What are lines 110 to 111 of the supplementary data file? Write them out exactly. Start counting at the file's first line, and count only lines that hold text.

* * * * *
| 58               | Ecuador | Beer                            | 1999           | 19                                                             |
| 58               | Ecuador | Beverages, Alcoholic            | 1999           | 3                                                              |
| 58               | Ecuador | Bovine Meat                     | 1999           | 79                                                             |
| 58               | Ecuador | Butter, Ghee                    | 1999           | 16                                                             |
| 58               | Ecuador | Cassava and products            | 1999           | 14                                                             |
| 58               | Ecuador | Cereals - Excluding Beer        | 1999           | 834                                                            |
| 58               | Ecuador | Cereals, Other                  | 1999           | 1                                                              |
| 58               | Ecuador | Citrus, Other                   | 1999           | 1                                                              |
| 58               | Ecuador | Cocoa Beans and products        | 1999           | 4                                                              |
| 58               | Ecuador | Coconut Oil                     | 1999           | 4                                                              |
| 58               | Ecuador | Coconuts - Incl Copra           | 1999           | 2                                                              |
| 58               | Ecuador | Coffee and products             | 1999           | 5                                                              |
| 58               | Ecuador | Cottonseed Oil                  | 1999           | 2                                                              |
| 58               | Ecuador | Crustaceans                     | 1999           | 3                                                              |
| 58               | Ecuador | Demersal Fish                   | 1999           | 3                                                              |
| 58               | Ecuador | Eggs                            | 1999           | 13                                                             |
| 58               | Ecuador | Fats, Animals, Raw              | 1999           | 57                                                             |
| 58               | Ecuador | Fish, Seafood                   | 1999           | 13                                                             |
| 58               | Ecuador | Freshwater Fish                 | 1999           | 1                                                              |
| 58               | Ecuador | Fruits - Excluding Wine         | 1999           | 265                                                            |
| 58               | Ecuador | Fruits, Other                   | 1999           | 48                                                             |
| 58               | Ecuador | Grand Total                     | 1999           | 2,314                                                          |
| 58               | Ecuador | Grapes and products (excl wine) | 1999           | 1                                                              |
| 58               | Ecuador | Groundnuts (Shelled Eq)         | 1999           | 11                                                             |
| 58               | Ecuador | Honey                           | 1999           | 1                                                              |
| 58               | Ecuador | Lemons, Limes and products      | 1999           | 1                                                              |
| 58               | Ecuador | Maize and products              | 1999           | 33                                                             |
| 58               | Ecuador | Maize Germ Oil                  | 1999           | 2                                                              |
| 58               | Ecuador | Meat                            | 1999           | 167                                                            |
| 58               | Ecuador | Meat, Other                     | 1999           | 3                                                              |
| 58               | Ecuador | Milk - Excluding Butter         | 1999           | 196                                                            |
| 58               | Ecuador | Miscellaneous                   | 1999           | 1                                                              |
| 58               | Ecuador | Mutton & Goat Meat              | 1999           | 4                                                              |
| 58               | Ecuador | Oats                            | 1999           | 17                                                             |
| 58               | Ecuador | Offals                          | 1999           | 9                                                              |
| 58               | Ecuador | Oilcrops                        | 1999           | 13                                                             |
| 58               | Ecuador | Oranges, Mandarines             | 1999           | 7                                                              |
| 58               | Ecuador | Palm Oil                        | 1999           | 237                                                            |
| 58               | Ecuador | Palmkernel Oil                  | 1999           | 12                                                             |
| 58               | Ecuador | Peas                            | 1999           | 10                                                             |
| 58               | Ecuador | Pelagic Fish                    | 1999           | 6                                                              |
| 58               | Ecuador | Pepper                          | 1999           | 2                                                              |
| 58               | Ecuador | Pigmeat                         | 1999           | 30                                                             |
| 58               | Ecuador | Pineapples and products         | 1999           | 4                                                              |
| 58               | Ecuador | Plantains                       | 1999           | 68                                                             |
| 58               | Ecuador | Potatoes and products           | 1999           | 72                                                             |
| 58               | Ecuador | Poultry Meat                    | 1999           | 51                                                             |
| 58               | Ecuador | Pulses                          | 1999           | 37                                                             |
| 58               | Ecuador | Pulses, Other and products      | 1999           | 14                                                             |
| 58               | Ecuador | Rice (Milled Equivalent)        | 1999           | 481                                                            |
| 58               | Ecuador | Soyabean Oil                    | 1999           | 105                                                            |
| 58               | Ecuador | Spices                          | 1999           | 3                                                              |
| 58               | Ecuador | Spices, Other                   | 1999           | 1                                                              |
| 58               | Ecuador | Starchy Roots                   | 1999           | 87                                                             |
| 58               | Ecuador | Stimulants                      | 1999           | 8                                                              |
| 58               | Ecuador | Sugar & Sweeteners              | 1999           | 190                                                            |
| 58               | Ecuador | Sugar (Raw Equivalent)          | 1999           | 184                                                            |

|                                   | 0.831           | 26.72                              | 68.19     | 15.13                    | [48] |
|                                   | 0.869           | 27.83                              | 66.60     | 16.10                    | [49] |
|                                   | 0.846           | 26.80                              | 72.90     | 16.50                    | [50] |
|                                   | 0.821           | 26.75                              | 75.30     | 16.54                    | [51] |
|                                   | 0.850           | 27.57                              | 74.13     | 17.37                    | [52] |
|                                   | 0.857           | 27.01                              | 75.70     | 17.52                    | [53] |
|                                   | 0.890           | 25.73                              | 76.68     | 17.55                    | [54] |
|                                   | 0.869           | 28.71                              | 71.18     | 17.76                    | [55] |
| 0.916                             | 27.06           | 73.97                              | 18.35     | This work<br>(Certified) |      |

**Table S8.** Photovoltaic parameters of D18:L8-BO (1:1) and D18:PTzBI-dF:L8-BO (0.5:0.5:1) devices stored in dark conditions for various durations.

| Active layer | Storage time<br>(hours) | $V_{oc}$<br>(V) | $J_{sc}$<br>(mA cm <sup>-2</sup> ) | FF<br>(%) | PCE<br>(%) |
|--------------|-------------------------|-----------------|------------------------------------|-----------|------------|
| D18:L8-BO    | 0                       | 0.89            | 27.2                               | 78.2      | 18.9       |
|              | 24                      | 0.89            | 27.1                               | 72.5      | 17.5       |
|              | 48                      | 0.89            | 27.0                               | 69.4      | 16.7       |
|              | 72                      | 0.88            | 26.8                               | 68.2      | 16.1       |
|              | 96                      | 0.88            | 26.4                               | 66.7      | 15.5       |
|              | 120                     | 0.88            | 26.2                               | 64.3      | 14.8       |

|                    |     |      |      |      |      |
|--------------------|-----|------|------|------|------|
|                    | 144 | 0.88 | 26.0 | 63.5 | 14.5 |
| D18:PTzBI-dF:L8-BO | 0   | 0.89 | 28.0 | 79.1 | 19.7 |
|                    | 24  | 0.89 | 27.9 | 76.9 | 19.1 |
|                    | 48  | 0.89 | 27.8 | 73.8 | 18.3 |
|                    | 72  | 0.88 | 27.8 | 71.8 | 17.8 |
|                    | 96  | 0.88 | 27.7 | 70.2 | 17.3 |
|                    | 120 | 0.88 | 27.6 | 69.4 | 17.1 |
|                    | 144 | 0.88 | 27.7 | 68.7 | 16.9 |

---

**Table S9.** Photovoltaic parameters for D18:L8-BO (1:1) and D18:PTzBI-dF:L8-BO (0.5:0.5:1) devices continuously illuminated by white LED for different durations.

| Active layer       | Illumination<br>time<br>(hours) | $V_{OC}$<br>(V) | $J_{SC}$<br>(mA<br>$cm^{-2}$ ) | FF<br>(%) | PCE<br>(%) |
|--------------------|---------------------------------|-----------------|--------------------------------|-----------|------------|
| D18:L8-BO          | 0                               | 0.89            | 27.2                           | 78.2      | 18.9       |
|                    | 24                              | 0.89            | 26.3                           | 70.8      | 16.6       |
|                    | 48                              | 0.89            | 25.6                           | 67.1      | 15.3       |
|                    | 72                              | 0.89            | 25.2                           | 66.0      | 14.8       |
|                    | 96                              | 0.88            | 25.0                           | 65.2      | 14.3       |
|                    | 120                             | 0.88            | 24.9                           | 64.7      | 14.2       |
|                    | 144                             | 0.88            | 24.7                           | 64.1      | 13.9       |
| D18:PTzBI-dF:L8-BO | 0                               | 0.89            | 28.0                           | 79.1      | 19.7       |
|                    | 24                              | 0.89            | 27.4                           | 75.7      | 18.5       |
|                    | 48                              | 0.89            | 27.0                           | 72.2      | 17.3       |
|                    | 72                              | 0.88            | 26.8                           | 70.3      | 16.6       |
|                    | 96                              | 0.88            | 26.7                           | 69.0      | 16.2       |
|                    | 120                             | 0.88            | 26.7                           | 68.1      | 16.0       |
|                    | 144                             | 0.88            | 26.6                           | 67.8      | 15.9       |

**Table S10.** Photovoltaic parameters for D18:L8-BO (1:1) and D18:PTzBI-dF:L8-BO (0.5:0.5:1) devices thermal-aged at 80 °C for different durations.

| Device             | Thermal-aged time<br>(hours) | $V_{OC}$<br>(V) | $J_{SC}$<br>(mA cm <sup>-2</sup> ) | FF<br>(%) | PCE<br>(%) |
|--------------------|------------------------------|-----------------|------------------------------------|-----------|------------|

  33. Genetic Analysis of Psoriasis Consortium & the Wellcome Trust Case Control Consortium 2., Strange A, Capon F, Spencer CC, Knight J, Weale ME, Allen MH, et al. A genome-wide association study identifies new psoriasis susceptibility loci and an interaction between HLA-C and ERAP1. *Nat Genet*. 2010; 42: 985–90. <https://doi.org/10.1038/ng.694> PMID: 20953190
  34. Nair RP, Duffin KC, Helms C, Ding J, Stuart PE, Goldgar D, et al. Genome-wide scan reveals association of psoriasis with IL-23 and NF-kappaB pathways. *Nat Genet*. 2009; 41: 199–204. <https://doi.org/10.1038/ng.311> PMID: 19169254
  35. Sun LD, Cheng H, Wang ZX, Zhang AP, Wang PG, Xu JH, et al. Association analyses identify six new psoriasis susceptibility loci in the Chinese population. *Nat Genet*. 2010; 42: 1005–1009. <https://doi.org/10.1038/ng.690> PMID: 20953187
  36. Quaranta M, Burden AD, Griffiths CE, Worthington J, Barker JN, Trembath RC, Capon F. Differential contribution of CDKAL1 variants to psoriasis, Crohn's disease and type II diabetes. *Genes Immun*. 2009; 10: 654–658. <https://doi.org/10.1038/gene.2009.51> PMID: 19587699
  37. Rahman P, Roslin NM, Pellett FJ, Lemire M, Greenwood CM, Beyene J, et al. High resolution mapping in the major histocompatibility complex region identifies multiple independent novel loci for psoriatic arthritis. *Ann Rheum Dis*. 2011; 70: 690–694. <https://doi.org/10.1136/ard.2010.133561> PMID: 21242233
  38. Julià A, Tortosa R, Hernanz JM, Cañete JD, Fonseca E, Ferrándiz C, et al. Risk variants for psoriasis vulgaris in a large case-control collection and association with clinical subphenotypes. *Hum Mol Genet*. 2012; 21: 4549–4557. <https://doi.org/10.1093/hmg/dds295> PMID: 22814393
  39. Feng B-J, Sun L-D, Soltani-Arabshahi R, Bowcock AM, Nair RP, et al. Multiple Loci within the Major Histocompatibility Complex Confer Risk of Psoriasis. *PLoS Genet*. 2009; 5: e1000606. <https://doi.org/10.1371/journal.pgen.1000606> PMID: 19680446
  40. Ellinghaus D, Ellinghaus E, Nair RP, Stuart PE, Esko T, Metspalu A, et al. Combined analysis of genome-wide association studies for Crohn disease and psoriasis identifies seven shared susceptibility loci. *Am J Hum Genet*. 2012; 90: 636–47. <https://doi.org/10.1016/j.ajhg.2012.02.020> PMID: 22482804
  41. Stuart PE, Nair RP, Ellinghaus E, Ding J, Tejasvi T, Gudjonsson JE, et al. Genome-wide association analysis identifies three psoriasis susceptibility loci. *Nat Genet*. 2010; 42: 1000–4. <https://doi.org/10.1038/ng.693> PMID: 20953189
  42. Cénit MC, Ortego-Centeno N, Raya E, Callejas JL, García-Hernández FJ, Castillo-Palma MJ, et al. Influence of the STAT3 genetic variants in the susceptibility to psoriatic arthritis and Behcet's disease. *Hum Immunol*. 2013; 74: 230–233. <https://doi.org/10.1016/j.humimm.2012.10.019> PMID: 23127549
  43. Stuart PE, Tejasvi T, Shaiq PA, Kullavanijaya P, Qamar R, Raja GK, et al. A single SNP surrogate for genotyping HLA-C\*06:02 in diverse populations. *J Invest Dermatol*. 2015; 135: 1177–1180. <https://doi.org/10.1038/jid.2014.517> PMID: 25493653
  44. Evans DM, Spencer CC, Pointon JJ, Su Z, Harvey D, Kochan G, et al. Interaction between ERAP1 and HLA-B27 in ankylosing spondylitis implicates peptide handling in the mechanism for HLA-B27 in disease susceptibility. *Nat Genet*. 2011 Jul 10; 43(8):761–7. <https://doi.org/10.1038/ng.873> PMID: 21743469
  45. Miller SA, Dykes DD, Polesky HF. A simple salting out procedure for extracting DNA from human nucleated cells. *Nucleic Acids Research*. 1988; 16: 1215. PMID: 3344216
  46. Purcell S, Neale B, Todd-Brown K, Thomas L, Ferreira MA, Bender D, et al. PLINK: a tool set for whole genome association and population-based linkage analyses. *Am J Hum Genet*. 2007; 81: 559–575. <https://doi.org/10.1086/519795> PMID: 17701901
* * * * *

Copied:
  36. Quaranta M, Burden AD, Griffiths CE, Worthington J, Barker JN, Trembath RC, Capon F. Differential contribution of CDKAL1 variants to psoriasis, Crohn's disease and type II diabetes. *Genes Immun*. 2009; 10: 654–658. <https://doi.org/10.1038/gene.2009.51> PMID: 19587699
  37. Rahman P, Roslin NM, Pellett FJ, Lemire M, Greenwood CM, Beyene J, et al. High resolution mapping in the major histocompatibility complex region identifies multiple independent novel loci for psoriatic arthritis. *Ann Rheum Dis*. 2011; 70: 690–694. <https://doi.org/10.1136/ard.2010.133561> PMID: 21242233